The serious issues faced in recent years, globally, are the environmental pollution concern and fuel resource depletion. In this work, the effect of TiO2 nanoadditive in the optimized biodiesel blend of 15% fueled in a stationary single cylinder, 4-stroke naturally aspired CRDI diesel engine to assess the engine performance as well as the combustion and emission characteristics. The results of the prepared fuel samples are compared against using neat diesel fuel. Initially, a Soxhlet apparatus is used to extract the oil from the grounded Manilkara Zapota seed. Moreover, the oil derived from the Soxhlet method would be more viscous and a standard transesterification process is employed to reduce the viscosity. The M. Zapota biodiesel are characterized, and the analysis such as GC–MS (Gas chromatography – Mass spectrometry), FT-IR (Fourier transform Infra-red spectrum), NMR (Nuclear magnetic resonance) are performed. Similarly, the TiO2 nanoparticles are characterized based on surface morphology (FESEM, EDX, and XRD analysis). Three different concentrations of nanoparticles, namely 25, 50, and 75 ppm, are added to a 15% biodiesel blend in diesel fuel. The properties of the prepared fuel samples such as kinematic viscosity, calorific value, cloud point, flash point, cetane index are measured and compared with diesel fuel. The in-cylinder pressure developed during the combustion are lowered with increased TiO2 concentration and moreover, the neat heat release rate by the biodiesel blend using 50 ppm TiO2 nanoadditive is lowered to 29.9 J/oCA whereas, further addition increased the net heat release rate to 31 J/oCA which might be due to higher flame temperature during combustion. The HC emissions are lowered for S15 biodiesel blend with TiO2 NP's in the concentration of 50 ppm and moreover, the NOx formation from the engine for biodiesel blend with 50 and 75 ppm TiO2 nanoadditives are almost similar and significantly lowered. The formation of NOx using neat diesel, biodiesel, and biodiesel with 25, 50 and 75 ppm TiO2 nanoadditives in the engine are found as 600, 609, 556, 509 and 505 ppm, respectively. From the experimental analysis, it is found that the formation of NOx and CO emission reduces during the part load application of diesel engine with slight increase in CO and CO2 emissions and a reduction in cylinder peak pressure and net heat release. Manilkara Zapota seed oil biodiesel blend with diesel at 15% volume proportion along with 50 ppm TiO2 nanoadditive was proven to be a potential replacement for CRDI diesel engines with reduced HC and NOx emission with a slight compromise over the performance of engine.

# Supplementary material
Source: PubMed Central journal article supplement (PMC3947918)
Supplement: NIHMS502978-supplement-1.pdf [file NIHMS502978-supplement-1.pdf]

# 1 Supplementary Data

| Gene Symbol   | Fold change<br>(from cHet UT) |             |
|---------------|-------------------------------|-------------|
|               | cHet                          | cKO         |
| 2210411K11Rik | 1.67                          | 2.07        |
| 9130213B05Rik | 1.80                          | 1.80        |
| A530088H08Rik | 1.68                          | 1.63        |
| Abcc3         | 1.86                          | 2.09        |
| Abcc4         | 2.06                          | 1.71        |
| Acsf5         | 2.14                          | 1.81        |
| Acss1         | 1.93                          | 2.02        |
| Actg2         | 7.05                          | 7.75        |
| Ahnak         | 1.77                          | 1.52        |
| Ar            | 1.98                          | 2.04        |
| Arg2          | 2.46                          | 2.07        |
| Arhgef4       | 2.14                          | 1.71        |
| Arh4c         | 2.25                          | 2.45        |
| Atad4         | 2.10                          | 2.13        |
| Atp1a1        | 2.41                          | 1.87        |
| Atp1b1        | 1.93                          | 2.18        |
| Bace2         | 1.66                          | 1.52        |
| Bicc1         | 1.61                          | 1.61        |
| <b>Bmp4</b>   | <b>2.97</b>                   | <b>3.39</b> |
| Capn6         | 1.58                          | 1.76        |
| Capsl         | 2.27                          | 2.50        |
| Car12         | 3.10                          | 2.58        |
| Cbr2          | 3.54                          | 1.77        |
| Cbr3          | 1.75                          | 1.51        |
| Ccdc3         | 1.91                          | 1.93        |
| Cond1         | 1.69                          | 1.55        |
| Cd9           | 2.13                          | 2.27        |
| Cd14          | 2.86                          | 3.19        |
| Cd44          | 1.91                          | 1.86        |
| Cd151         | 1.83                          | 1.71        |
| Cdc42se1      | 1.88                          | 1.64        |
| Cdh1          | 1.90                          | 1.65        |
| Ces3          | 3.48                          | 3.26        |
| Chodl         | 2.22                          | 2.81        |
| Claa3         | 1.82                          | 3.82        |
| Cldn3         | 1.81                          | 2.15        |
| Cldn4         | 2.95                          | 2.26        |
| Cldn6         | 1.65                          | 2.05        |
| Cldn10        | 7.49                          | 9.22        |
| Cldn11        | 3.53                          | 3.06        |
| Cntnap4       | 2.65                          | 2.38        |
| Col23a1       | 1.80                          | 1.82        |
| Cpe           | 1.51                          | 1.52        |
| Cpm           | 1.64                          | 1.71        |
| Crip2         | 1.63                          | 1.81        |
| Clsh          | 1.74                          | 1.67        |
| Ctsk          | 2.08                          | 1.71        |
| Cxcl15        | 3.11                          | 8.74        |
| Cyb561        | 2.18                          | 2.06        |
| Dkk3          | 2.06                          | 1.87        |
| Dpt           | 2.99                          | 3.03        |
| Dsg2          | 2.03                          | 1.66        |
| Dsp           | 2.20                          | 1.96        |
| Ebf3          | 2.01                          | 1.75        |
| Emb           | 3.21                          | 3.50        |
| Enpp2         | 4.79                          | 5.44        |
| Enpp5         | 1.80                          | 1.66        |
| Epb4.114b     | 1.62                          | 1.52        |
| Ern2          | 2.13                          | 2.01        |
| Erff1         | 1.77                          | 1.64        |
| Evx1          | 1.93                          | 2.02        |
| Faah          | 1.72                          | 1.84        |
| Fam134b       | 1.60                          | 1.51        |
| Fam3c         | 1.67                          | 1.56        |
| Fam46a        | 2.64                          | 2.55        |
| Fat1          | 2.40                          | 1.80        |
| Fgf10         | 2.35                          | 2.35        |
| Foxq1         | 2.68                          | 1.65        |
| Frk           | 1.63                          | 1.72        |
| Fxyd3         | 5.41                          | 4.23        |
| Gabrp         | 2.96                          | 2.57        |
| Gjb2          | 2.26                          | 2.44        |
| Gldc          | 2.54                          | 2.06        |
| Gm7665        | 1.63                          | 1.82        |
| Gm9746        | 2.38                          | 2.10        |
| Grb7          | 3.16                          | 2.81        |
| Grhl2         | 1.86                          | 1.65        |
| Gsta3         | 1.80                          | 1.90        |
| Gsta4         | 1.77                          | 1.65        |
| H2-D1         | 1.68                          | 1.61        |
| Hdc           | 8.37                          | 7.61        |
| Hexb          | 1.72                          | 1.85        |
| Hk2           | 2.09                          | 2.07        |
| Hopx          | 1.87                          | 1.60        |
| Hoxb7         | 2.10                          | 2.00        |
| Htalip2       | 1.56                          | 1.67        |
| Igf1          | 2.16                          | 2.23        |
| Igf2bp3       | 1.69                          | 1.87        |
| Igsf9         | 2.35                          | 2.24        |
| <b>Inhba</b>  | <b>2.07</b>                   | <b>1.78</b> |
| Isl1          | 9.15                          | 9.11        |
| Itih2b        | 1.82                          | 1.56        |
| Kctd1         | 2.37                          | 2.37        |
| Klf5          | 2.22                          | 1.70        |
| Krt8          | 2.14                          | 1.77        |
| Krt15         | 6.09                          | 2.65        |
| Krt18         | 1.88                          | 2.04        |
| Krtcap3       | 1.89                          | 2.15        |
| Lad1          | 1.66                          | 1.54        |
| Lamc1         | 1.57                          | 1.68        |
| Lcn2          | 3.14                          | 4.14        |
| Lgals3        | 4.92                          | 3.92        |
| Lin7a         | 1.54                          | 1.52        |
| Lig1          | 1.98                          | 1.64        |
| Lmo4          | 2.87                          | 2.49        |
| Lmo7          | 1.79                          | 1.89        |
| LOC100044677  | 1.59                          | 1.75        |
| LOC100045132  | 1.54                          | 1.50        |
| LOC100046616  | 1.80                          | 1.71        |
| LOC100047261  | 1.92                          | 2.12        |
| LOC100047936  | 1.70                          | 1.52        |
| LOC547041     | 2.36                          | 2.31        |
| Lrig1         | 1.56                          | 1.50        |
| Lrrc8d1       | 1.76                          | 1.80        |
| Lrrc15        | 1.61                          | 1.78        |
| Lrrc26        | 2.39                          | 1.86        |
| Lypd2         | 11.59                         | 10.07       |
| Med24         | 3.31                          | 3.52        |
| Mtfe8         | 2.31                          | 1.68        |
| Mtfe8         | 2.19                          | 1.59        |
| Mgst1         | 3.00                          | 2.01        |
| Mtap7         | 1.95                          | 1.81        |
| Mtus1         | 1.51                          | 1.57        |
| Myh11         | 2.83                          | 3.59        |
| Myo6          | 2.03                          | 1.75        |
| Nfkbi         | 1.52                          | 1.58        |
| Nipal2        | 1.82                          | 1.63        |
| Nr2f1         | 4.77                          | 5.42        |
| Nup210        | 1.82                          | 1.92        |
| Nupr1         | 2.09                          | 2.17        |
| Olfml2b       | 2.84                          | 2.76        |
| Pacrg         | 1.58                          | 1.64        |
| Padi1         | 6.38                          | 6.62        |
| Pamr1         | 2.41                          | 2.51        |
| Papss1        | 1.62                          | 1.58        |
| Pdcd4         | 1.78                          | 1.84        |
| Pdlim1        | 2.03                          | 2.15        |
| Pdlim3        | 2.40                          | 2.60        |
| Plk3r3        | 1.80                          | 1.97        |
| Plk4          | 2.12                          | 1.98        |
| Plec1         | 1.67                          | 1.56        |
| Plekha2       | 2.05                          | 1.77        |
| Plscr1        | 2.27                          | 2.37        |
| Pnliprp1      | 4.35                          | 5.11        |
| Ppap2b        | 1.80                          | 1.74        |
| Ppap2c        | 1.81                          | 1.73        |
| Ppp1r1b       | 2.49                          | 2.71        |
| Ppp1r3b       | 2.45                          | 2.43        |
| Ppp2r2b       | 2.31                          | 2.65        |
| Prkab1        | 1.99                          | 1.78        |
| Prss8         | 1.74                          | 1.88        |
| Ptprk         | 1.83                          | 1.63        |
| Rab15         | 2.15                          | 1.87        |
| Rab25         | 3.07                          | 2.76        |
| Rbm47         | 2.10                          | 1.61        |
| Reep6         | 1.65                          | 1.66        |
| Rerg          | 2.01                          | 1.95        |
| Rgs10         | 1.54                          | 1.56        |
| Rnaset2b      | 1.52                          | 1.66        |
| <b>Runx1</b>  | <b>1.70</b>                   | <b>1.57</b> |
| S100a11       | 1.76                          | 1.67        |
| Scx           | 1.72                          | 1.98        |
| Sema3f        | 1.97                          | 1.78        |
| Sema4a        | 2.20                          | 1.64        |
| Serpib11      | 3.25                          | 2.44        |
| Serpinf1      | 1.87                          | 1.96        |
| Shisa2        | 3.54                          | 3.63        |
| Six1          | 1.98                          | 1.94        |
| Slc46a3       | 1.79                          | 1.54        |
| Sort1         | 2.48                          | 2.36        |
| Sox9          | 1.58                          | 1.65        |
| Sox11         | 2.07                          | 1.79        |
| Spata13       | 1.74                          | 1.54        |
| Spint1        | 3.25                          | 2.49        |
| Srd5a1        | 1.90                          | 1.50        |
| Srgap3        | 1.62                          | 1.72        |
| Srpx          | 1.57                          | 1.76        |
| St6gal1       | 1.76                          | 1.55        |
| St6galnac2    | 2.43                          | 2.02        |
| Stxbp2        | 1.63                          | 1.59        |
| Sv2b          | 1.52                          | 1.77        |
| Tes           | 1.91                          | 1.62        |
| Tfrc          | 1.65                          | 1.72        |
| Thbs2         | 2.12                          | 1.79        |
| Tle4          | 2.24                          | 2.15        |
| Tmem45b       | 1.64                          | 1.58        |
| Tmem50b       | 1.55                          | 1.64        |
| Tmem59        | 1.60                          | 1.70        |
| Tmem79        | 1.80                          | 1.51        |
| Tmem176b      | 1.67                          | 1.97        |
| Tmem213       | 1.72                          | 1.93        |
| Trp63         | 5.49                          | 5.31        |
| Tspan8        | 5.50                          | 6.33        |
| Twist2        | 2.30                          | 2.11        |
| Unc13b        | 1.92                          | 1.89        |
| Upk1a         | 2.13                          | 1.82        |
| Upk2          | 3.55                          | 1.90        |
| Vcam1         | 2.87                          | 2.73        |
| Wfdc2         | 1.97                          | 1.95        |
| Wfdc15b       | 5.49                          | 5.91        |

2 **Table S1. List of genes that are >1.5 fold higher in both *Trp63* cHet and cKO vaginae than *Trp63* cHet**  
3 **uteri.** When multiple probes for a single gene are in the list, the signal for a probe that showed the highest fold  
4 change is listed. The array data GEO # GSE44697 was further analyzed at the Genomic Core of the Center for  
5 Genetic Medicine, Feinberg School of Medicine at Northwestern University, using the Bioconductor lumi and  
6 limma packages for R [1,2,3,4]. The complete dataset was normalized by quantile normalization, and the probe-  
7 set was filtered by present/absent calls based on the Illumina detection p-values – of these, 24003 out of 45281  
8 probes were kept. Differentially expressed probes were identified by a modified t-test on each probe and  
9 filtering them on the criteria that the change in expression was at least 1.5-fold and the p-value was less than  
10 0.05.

Bibliographical notePublisher Copyright:
© 2023 Elsevier B.V.
- CRDI Engine
- Manilkara Zapota biodiesel
ASJC Scopus subject areas
- General Chemical Engineering
- Fuel Technology
- Energy Engineering and Power Technology